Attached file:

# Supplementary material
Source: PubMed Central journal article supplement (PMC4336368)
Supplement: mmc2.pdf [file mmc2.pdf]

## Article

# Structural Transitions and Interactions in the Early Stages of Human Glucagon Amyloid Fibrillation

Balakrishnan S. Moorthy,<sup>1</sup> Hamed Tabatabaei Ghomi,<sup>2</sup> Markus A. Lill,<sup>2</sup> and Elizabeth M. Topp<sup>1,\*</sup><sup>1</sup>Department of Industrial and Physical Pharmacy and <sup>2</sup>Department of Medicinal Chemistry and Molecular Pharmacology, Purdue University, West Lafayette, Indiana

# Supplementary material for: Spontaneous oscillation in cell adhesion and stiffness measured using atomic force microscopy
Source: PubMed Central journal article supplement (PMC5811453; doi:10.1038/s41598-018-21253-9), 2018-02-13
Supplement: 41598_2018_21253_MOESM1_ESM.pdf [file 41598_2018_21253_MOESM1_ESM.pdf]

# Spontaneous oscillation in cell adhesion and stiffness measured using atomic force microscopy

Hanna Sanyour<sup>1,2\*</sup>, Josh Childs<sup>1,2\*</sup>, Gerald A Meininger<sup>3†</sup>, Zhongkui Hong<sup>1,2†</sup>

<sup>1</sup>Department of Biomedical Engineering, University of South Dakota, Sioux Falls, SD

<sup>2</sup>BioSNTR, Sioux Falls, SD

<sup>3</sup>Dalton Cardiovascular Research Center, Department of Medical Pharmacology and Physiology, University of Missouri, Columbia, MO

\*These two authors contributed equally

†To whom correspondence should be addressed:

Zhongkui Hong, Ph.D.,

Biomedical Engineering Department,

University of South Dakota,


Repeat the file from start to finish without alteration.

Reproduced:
# Supplementary material
Source: PubMed Central journal article supplement (PMC4336368)
Supplement: mmc2.pdf [file mmc2.pdf]

## Article

# Structural Transitions and Interactions in the Early Stages of Human Glucagon Amyloid Fibrillation

Balakrishnan S. Moorthy,<sup>1</sup> Hamed Tabatabaei Ghomi,<sup>2</sup> Markus A. Lill,<sup>2</sup> and Elizabeth M. Topp<sup>1,\*</sup><sup>1</sup>Department of Industrial and Physical Pharmacy and <sup>2</sup>Department of Medicinal Chemistry and Molecular Pharmacology, Purdue University, West Lafayette, Indiana

# Supplementary material for: Spontaneous oscillation in cell adhesion and stiffness measured using atomic force microscopy
Source: PubMed Central journal article supplement (PMC5811453; doi:10.1038/s41598-018-21253-9), 2018-02-13
Supplement: 41598_2018_21253_MOESM1_ESM.pdf [file 41598_2018_21253_MOESM1_ESM.pdf]

# Spontaneous oscillation in cell adhesion and stiffness measured using atomic force microscopy

Hanna Sanyour<sup>1,2\*</sup>, Josh Childs<sup>1,2\*</sup>, Gerald A Meininger<sup>3†</sup>, Zhongkui Hong<sup>1,2†</sup>

<sup>1</sup>Department of Biomedical Engineering, University of South Dakota, Sioux Falls, SD

<sup>2</sup>BioSNTR, Sioux Falls, SD

<sup>3</sup>Dalton Cardiovascular Research Center, Department of Medical Pharmacology and Physiology, University of Missouri, Columbia, MO

\*These two authors contributed equally

†To whom correspondence should be addressed:

Zhongkui Hong, Ph.D.,

Biomedical Engineering Department,

University of South Dakota,